In the first position, the x-ray generator 411A and the x-ray detector 413A are positioned on opposite sides of the turntable 605. In this position, the system can be used to capture images of a subject that is standing, seated, or performing a movement within a first imaging volume 602.
As also illustrated in
Although, in the embodiment shown in
As shown in
The controller 700 includes a processor 702 and a memory 704. In some embodiment, such as shown in
In some embodiments, the controller 700 is a desktop computer running appropriate software. In other embodiments, the controller 700 is integrated into the housing of either the x-ray generator 411 or the x-ray detector 413. In still other embodiments, the controller 700 is separated into two separate units—one that controls the movement of the robotic arms and a second that performs the image processing.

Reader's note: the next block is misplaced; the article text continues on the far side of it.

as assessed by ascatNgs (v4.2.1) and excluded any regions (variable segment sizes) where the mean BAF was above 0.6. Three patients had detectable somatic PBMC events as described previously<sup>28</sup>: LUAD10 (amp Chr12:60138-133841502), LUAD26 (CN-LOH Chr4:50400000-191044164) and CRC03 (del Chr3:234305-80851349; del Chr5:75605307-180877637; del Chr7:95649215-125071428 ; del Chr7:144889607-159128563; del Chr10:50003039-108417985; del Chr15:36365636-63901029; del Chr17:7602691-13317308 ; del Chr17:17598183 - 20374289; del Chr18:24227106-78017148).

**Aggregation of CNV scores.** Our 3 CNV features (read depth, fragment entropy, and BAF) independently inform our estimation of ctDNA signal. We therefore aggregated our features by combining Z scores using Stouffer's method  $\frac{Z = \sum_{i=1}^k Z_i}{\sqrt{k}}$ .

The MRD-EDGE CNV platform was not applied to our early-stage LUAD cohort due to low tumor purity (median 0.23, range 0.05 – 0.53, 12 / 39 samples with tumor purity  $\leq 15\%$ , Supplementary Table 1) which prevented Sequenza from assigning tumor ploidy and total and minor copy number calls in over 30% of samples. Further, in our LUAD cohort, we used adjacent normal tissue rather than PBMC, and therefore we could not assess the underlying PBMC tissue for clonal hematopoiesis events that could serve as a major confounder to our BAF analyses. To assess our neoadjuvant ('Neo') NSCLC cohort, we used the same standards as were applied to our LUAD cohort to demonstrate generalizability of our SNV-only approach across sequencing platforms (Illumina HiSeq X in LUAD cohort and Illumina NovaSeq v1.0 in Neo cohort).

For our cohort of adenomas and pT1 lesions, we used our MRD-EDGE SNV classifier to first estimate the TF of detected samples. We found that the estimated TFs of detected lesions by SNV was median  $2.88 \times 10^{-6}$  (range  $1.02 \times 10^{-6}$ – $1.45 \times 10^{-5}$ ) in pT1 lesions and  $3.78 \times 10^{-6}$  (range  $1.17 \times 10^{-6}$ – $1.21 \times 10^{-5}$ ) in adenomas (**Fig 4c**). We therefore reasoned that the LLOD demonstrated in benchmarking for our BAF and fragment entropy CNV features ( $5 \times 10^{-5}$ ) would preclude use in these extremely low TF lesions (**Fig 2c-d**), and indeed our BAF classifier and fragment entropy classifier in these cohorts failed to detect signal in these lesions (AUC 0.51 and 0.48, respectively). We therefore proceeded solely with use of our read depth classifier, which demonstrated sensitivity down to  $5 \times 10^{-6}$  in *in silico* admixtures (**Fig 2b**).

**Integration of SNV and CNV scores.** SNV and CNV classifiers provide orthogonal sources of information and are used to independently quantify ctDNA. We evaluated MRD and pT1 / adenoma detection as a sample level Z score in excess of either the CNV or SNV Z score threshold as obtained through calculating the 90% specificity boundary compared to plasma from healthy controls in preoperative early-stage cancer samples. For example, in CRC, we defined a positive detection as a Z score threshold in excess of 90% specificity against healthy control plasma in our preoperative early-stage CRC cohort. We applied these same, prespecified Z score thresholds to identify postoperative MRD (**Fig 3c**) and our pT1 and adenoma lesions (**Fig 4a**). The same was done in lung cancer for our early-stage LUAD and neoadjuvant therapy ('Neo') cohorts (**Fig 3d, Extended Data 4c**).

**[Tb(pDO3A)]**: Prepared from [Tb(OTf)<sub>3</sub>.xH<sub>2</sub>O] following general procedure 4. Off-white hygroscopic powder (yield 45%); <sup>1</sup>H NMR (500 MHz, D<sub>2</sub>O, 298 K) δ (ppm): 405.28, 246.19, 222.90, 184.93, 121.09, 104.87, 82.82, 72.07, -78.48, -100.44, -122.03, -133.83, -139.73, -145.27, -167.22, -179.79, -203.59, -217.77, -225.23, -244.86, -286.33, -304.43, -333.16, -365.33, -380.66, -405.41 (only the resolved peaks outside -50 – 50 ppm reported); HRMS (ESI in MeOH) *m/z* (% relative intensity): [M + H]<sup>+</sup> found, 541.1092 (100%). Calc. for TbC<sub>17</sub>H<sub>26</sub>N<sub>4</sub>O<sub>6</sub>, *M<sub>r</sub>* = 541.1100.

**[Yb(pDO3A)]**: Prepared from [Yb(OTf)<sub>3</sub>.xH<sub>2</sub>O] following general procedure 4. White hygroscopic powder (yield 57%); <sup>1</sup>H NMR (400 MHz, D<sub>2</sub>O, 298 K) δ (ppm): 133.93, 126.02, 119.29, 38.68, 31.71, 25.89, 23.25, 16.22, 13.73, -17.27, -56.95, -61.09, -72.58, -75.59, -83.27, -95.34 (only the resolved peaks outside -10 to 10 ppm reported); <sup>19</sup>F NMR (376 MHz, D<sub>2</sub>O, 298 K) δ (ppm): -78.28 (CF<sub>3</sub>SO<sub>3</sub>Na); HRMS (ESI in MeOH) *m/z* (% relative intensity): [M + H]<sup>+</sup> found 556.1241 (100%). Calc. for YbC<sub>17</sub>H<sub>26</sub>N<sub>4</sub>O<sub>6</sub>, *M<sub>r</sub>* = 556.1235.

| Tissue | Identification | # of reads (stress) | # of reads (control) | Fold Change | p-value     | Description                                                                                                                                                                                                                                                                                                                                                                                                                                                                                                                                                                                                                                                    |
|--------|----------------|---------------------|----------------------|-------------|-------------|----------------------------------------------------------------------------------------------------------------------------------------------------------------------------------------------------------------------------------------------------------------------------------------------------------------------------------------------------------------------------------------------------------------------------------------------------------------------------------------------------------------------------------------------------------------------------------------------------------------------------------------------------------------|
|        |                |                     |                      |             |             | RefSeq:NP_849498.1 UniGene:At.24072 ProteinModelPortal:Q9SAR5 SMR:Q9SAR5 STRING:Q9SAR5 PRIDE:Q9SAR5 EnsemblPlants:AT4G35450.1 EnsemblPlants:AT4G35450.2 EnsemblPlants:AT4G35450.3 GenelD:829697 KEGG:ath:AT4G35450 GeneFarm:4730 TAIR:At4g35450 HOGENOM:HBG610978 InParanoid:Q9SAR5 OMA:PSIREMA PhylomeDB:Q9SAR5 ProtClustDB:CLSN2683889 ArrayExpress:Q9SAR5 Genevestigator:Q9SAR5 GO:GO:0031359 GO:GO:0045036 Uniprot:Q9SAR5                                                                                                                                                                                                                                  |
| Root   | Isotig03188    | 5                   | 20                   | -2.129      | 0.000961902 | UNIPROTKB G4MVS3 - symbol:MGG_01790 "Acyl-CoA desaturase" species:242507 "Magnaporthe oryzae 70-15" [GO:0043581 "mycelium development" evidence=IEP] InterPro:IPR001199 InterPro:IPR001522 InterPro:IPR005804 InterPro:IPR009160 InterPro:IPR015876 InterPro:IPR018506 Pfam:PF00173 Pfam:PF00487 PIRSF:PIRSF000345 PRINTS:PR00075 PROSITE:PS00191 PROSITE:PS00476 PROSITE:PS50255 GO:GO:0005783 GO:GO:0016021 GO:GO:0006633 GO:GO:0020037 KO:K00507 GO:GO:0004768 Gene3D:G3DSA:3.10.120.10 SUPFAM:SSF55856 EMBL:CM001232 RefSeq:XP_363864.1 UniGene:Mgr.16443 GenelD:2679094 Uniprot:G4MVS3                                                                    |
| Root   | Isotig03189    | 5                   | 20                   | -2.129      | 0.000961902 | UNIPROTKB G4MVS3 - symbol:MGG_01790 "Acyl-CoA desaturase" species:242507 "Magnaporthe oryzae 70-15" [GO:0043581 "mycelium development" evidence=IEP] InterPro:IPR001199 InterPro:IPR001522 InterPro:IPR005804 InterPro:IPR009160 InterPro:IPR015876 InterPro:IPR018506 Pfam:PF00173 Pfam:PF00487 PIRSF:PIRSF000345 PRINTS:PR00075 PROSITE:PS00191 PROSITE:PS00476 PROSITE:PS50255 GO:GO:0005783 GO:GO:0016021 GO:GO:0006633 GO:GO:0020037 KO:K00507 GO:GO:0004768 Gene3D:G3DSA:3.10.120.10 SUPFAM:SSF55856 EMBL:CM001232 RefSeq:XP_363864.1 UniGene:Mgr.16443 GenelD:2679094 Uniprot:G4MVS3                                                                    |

Each x-ray generator/detector pair described above can be used to capture two-dimensional radiographic images. Because the system can be configured to capture multiple two-dimensional images in rapid succession, the system is also capable of two-dimensional videoradiography. However, the system is also capable of more advanced three-dimensional modeling including rotational static CT volumetric rendering, tomosynthesis, marker-based biplane stereophotogrammetry, and markerless dynamic estimation of volumetric position. These three modalities are described in further detail below.
As described above, the system is capable of rotating the imaging subject relative to the x-ray generator 411 and the x-ray detector 413. This can be performed by moving the robotic arms around the circular track while keeping the subject stationary, rotating the subject on the turntable while the robotic arms remain stationary, or by rotating both the turntable and the robotic arms in opposite directions. By rotating the x-ray generator 411 and the x-ray detector 413 relative to the imaging subject, the system is able to capture a series of two-dimensional radiographic images of the stationary subject from many different perspectives. The series of images can then be used to construct a three-dimensional volumetric model of the imaging subject. Software applications, such as COBRA, are currently available that construct such volumetric models from a series of two-dimensional radiographic images.